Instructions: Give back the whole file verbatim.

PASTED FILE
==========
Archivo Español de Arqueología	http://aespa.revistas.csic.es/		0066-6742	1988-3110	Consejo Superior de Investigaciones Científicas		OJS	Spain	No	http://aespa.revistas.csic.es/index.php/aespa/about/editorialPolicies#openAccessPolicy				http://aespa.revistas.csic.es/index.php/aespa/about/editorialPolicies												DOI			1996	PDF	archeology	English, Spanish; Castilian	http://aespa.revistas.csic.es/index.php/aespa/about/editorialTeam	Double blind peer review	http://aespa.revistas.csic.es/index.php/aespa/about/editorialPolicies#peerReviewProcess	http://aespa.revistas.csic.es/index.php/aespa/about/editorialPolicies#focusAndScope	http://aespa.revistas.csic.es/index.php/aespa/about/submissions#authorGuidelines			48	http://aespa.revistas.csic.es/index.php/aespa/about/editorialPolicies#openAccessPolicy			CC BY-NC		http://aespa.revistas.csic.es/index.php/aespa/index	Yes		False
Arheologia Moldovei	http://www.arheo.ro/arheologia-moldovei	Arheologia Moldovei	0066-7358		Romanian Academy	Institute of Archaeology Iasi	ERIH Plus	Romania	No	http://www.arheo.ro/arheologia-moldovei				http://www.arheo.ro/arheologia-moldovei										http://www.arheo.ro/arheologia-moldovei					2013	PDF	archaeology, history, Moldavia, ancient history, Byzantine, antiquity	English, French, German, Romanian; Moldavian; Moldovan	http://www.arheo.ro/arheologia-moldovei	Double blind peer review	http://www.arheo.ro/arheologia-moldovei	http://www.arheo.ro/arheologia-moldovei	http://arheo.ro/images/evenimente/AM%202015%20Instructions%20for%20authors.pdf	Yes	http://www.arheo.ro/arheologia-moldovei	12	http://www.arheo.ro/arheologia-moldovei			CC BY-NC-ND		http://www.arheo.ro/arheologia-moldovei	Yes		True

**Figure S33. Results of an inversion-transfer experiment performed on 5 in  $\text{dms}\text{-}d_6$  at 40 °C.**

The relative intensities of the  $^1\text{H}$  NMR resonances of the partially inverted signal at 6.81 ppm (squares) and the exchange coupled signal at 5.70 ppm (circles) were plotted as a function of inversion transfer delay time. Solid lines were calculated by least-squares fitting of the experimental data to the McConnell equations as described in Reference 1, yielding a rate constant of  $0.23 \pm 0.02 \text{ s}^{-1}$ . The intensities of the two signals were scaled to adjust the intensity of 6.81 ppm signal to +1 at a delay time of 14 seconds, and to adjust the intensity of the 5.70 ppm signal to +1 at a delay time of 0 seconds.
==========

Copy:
Archivo Español de Arqueología	http://aespa.revistas.csic.es/		0066-6742	1988-3110	Consejo Superior de Investigaciones Científicas		OJS	Spain	No	http://aespa.revistas.csic.es/index.php/aespa/about/editorialPolicies#openAccessPolicy				http://aespa.revistas.csic.es/index.php/aespa/about/editorialPolicies												DOI			1996	PDF	archeology	English, Spanish; Castilian	http://aespa.revistas.csic.es/index.php/aespa/about/editorialTeam	Double blind peer review	http://aespa.revistas.csic.es/index.php/aespa/about/editorialPolicies#peerReviewProcess	http://aespa.revistas.csic.es/index.php/aespa/about/editorialPolicies#focusAndScope	http://aespa.revistas.csic.es/index.php/aespa/about/submissions#authorGuidelines			48	http://aespa.revistas.csic.es/index.php/aespa/about/editorialPolicies#openAccessPolicy			CC BY-NC		http://aespa.revistas.csic.es/index.php/aespa/index	Yes		False
Arheologia Moldovei	http://www.arheo.ro/arheologia-moldovei	Arheologia Moldovei	0066-7358		Romanian Academy	Institute of Archaeology Iasi	ERIH Plus	Romania	No	http://www.arheo.ro/arheologia-moldovei				http://www.arheo.ro/arheologia-moldovei										http://www.arheo.ro/arheologia-moldovei					2013	PDF	archaeology, history, Moldavia, ancient history, Byzantine, antiquity	English, French, German, Romanian; Moldavian; Moldovan	http://www.arheo.ro/arheologia-moldovei	Double blind peer review	http://www.arheo.ro/arheologia-moldovei	http://www.arheo.ro/arheologia-moldovei	http://arheo.ro/images/evenimente/AM%202015%20Instructions%20for%20authors.pdf	Yes	http://www.arheo.ro/arheologia-moldovei	12	http://www.arheo.ro/arheologia-moldovei			CC BY-NC-ND		http://www.arheo.ro/arheologia-moldovei	Yes		True

**Figure S33. Results of an inversion-transfer experiment performed on 5 in  $\text{dms}\text{-}d_6$  at 40 °C.**

The relative intensities of the  $^1\text{H}$  NMR resonances of the partially inverted signal at 6.81 ppm (squares) and the exchange coupled signal at 5.70 ppm (circles) were plotted as a function of inversion transfer delay time. Solid lines were calculated by least-squares fitting of the experimental data to the McConnell equations as described in Reference 1, yielding a rate constant of  $0.23 \pm 0.02 \text{ s}^{-1}$ . The intensities of the two signals were scaled to adjust the intensity of 6.81 ppm signal to +1 at a delay time of 14 seconds, and to adjust the intensity of the 5.70 ppm signal to +1 at a delay time of 0 seconds.